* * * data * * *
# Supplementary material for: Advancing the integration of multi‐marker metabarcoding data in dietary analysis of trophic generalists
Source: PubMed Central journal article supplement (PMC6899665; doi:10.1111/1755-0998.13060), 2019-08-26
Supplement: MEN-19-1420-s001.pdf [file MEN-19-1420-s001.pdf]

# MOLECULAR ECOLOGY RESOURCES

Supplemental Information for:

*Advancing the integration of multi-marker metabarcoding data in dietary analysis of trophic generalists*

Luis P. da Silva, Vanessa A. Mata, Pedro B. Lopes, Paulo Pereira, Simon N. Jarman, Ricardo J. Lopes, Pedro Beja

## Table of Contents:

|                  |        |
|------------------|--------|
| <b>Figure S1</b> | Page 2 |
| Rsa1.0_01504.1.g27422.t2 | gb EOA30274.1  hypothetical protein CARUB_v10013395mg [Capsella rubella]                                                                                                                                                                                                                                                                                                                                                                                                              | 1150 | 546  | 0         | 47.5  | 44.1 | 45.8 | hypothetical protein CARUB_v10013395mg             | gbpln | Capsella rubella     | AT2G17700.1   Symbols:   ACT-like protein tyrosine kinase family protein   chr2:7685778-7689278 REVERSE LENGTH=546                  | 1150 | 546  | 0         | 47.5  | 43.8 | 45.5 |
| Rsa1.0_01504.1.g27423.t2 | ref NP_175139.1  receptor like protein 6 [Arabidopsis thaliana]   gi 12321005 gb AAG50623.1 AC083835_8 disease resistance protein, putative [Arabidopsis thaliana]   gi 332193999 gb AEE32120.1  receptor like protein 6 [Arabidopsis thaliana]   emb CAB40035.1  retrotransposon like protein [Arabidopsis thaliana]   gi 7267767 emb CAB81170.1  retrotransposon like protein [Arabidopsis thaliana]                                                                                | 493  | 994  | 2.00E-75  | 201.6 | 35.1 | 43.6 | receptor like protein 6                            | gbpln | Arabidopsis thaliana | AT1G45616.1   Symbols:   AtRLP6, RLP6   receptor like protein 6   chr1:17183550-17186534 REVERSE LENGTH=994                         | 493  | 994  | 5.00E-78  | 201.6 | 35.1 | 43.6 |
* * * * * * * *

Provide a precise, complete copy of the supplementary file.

# Supplementary material for: Advancing the integration of multi‐marker metabarcoding data in dietary analysis of trophic generalists
Source: PubMed Central journal article supplement (PMC6899665; doi:10.1111/1755-0998.13060), 2019-08-26
Supplement: MEN-19-1420-s001.pdf [file MEN-19-1420-s001.pdf]

# MOLECULAR ECOLOGY RESOURCES

Supplemental Information for:

*Advancing the integration of multi-marker metabarcoding data in dietary analysis of trophic generalists*

Luis P. da Silva, Vanessa A. Mata, Pedro B. Lopes, Paulo Pereira, Simon N. Jarman, Ricardo J. Lopes, Pedro Beja

## Table of Contents:

|                  |        |
|------------------|--------|
| <b>Figure S1</b> | Page 2 |
| Rsa1.0_01504.1.g27422.t2 | gb EOA30274.1  hypothetical protein CARUB_v10013395mg [Capsella rubella]                                                                                                                                                                                                                                                                                                                                                                                                              | 1150 | 546  | 0         | 47.5  | 44.1 | 45.8 | hypothetical protein CARUB_v10013395mg             | gbpln | Capsella rubella     | AT2G17700.1   Symbols:   ACT-like protein tyrosine kinase family protein   chr2:7685778-7689278 REVERSE LENGTH=546                  | 1150 | 546  | 0         | 47.5  | 43.8 | 45.5 |
| Rsa1.0_01504.1.g27423.t2 | ref NP_175139.1  receptor like protein 6 [Arabidopsis thaliana]   gi 12321005 gb AAG50623.1 AC083835_8 disease resistance protein, putative [Arabidopsis thaliana]   gi 332193999 gb AEE32120.1  receptor like protein 6 [Arabidopsis thaliana]   emb CAB40035.1  retrotransposon like protein [Arabidopsis thaliana]   gi 7267767 emb CAB81170.1  retrotransposon like protein [Arabidopsis thaliana]                                                                                | 493  | 994  | 2.00E-75  | 201.6 | 35.1 | 43.6 | receptor like protein 6                            | gbpln | Arabidopsis thaliana | AT1G45616.1   Symbols:   AtRLP6, RLP6   receptor like protein 6   chr1:17183550-17186534 REVERSE LENGTH=994                         | 493  | 994  | 5.00E-78  | 201.6 | 35.1 | 43.6 |